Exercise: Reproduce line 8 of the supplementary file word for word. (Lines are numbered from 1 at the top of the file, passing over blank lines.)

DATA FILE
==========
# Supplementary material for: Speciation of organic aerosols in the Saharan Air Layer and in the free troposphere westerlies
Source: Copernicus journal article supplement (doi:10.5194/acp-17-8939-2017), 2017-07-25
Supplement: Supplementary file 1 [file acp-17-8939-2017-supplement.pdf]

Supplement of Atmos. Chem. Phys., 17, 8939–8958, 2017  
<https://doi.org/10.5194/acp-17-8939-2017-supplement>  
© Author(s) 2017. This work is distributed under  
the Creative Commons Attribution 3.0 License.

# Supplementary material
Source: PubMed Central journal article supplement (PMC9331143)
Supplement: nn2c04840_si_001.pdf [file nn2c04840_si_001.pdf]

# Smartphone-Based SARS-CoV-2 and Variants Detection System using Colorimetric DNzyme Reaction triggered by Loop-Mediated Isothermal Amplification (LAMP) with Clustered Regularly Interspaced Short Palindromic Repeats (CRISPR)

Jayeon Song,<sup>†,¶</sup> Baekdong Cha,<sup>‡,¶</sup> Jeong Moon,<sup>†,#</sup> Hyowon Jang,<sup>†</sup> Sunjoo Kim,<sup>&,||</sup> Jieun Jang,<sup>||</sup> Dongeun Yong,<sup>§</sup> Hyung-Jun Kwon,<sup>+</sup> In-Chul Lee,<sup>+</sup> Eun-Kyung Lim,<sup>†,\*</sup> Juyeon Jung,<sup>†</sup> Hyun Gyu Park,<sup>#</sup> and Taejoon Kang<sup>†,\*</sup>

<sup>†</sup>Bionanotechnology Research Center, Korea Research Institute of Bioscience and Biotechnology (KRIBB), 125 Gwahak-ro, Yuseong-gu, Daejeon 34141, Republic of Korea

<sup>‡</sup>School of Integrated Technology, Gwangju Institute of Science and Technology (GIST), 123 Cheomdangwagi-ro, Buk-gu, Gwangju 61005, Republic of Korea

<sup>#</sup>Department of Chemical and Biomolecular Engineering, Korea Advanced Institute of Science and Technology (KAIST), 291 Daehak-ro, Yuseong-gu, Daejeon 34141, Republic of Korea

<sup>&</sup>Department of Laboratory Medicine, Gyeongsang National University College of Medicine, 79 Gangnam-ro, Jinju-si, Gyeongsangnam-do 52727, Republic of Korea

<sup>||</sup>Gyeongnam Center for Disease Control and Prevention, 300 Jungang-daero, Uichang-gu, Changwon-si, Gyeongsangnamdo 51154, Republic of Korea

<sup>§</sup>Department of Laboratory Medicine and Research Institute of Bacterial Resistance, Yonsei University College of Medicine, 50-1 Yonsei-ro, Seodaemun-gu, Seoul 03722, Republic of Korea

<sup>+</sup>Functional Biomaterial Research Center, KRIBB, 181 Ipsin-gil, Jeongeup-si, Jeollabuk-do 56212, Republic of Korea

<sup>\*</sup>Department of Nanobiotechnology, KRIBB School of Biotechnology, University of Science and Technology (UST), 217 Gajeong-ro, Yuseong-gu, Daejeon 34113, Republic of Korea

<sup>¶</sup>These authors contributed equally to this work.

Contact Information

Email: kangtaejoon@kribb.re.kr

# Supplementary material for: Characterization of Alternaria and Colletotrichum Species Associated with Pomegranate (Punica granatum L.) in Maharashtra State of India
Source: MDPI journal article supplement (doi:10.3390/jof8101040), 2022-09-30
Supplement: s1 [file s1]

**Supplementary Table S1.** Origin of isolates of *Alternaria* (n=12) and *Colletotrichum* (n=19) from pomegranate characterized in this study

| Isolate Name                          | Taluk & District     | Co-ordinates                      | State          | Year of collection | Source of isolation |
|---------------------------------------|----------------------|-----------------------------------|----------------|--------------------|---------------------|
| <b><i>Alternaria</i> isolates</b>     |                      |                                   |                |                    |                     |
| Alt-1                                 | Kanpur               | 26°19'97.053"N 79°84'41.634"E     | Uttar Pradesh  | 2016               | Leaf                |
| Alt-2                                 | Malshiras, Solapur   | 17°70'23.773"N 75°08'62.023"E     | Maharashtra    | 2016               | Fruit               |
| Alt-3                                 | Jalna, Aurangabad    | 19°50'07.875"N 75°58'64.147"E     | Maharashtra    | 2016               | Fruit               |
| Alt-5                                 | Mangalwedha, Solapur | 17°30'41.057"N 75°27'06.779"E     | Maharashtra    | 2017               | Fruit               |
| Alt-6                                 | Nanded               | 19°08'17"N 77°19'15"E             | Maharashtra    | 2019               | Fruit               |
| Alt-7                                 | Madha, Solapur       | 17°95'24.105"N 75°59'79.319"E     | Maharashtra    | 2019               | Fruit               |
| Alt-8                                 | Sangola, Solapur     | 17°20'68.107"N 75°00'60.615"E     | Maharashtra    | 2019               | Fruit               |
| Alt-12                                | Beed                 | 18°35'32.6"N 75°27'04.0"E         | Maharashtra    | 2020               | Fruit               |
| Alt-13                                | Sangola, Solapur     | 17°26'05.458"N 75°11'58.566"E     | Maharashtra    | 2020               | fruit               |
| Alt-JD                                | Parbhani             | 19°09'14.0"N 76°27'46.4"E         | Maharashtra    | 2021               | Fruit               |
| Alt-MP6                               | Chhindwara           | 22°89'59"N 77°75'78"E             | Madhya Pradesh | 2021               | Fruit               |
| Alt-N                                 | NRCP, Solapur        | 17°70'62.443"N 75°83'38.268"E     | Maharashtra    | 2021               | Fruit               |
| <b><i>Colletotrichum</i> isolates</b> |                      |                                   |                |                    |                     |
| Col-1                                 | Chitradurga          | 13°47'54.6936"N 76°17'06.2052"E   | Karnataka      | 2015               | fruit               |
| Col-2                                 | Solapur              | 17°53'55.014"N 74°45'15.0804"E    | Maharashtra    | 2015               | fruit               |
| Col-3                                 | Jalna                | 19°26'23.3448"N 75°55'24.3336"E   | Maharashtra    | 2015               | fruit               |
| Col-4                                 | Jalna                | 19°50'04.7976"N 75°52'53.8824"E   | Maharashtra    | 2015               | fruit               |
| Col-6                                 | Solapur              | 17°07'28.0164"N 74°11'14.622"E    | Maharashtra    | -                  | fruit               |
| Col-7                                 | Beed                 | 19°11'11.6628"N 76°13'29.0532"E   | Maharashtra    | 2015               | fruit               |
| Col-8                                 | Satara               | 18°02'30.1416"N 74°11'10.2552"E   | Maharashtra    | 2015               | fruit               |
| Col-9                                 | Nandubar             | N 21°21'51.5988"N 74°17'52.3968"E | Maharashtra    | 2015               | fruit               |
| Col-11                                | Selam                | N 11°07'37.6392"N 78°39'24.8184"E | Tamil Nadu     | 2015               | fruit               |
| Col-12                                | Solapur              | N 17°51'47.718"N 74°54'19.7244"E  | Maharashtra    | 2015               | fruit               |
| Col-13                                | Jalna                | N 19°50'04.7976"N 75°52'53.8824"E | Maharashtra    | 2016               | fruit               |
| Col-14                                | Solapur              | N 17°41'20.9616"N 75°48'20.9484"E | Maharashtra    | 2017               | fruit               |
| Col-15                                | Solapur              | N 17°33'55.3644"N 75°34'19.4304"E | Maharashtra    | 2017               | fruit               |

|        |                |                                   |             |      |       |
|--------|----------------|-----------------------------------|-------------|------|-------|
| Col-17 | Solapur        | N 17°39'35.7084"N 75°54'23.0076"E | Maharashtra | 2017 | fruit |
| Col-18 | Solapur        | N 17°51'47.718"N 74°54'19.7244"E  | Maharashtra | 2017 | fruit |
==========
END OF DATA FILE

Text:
# Supplementary material